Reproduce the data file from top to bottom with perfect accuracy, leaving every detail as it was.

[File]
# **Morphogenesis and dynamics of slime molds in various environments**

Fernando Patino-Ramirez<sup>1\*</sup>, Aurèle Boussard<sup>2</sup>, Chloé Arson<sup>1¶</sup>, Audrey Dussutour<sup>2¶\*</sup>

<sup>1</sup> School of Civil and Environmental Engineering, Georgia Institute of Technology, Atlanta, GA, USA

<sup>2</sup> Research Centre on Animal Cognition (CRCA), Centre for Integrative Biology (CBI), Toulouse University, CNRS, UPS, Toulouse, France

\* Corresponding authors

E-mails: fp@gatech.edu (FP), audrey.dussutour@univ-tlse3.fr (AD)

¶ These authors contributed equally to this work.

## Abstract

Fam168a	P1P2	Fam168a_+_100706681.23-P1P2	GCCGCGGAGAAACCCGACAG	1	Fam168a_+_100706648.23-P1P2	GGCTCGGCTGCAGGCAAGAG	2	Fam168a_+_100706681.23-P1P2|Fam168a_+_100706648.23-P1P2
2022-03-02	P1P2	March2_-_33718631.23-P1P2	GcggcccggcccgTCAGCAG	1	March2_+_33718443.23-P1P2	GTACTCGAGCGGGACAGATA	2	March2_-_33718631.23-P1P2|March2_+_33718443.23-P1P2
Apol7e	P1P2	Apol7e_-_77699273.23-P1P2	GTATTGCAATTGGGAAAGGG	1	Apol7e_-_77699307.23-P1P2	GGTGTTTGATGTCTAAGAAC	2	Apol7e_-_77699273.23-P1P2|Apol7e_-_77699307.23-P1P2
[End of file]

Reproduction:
# **Morphogenesis and dynamics of slime molds in various environments**

Fernando Patino-Ramirez<sup>1\*</sup>, Aurèle Boussard<sup>2</sup>, Chloé Arson<sup>1¶</sup>, Audrey Dussutour<sup>2¶\*</sup>

<sup>1</sup> School of Civil and Environmental Engineering, Georgia Institute of Technology, Atlanta, GA, USA

<sup>2</sup> Research Centre on Animal Cognition (CRCA), Centre for Integrative Biology (CBI), Toulouse University, CNRS, UPS, Toulouse, France

\* Corresponding authors

E-mails: fp@gatech.edu (FP), audrey.dussutour@univ-tlse3.fr (AD)

¶ These authors contributed equally to this work.

## Abstract

Fam168a	P1P2	Fam168a_+_100706681.23-P1P2	GCCGCGGAGAAACCCGACAG	1	Fam168a_+_100706648.23-P1P2	GGCTCGGCTGCAGGCAAGAG	2	Fam168a_+_100706681.23-P1P2|Fam168a_+_100706648.23-P1P2
2022-03-02	P1P2	March2_-_33718631.23-P1P2	GcggcccggcccgTCAGCAG	1	March2_+_33718443.23-P1P2	GTACTCGAGCGGGACAGATA	2	March2_-_33718631.23-P1P2|March2_+_33718443.23-P1P2
Apol7e	P1P2	Apol7e_-_77699273.23-P1P2	GTATTGCAATTGGGAAAGGG	1	Apol7e_-_77699307.23-P1P2	GGTGTTTGATGTCTAAGAAC	2	Apol7e_-_77699273.23-P1P2|Apol7e_-_77699307.23-P1P2